So, can you do large amounts of cardio and grow muscle at the same time? There are many who believe that running will kill strength and muscle gains. However, I have experienced that by leveraging nutrition and maximizing recovery you can successfully grow muscle and train for long-distance running at the same time. The most important factors in muscle growth are calorie surplus and consuming enough protein. For starters, a surplus of 200-400 calories along with 1 gram of protein per pound of body weight is a promising way to ensure growth. While training for my first marathon my total energy expenditure was around 3400 calories per day, therefore I consumed at least 3600 calories to support muscle growth and achieve peak performance.
As training volume increases so does the need for recovery. Training 40-plus hours per week on the pavement along with weight training required a great deal of recovery. Since sleep is where all the recovery and repair happens, I aimed for 7-9 hours of shut-eye per day to ensure optimum recovery and peak performance. Building muscle is all about calorie surplus, high protein with adequate carbs and fat. However, marathon training is all about endurance nutrition where the focus is on energy balance, high carbs with adequate protein and fat. No matter what the goal is, focusing on recovery nutrition is paramount. Recovery nutrition means having a well-balanced food plan focused on whole foods, assorted fruits, and veggies with minimal junk foods.
If the goal is to build muscle and train with high amounts of cardio, then macros are huge. My macro breakdown most days was 225 grams of protein, 400 grams of carbohydrates, and 125 grams of fat, totaling 3,625 calories. This breakdown meets the protein and calorie requirements for building muscle while covering the energy expended during cardio training. Studies support that you cannot achieve both peak performance and become shredded at the same time for several reasons. For one, it takes a significant calorie deficit of at least 400-1000 calories per day to achieve a significant fat loss of 2-8 pounds in a month. As calories decrease, so does your performance. Studies have shown that weight loss can be broken down at a ratio of 75% fat and 25% lean body mass at best. Therefore, it is highly unlikely to maximize muscle growth and maximize fat loss simultaneously. Consuming enough carbs will give you energy so nutrient timing is key for training in a calorie deficit. If you are cutting, then you most likely are sacrificing some strength and size. However, you could use food, especially carbs to the best of your ability by consuming them before and after your workouts. Protein is also the best post-workout along with carbs to maximize recovery windows.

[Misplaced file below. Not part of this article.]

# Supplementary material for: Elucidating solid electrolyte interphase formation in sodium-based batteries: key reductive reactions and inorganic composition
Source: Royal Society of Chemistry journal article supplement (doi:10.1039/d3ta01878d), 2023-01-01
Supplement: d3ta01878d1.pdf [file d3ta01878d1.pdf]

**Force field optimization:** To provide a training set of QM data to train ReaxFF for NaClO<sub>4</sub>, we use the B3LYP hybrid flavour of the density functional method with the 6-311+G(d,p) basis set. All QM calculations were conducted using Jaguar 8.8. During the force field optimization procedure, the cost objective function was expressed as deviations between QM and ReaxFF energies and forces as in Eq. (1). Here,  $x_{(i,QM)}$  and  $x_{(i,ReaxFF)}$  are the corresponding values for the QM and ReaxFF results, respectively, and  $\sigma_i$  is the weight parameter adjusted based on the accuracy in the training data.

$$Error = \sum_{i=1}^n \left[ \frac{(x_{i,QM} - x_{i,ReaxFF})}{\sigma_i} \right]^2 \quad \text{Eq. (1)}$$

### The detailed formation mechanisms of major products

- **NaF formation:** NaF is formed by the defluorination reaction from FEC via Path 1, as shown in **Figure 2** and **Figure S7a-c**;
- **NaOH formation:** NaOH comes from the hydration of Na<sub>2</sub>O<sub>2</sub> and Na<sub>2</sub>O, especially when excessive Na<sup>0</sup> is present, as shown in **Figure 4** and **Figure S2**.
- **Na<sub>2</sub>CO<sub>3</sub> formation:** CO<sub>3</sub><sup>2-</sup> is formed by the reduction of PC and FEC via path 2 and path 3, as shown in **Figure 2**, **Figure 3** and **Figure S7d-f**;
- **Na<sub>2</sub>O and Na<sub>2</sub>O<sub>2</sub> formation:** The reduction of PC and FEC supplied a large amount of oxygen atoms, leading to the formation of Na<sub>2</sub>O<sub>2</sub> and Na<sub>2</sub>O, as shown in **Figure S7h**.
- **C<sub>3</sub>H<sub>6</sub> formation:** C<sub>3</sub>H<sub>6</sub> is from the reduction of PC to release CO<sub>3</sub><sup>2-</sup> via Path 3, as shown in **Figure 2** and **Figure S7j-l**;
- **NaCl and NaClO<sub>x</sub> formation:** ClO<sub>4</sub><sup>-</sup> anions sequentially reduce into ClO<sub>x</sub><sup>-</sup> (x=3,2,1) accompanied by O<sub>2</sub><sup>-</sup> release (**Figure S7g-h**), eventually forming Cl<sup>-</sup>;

In the grand scheme if you are strictly looking for peak performance then make sure that you balance your calories to meet your energy demands. If you are looking to grow muscle, aim to consume a surplus of 200 calories per day. If you are looking to cut weight and maintain muscle mass, stick to a slight calorie deficit of 200-250 calories rather than an aggressive approach, of a 500+ calorie deficit. Unless you are on anabolic steroids or pharmaceutical cutting agents, which I do not recommend, it would be unrealistic to attempt to significantly gain muscle and decrease fat simultaneously. If the goal is to train for long-distance running and grow muscle, then it is possible if you have proper recovery, calorie intake, and protein. Running only kills muscle gains when the latter isn’t well executed.Marcus Harris, Registered Dietitian, Pro Bodybuilder and Marathoner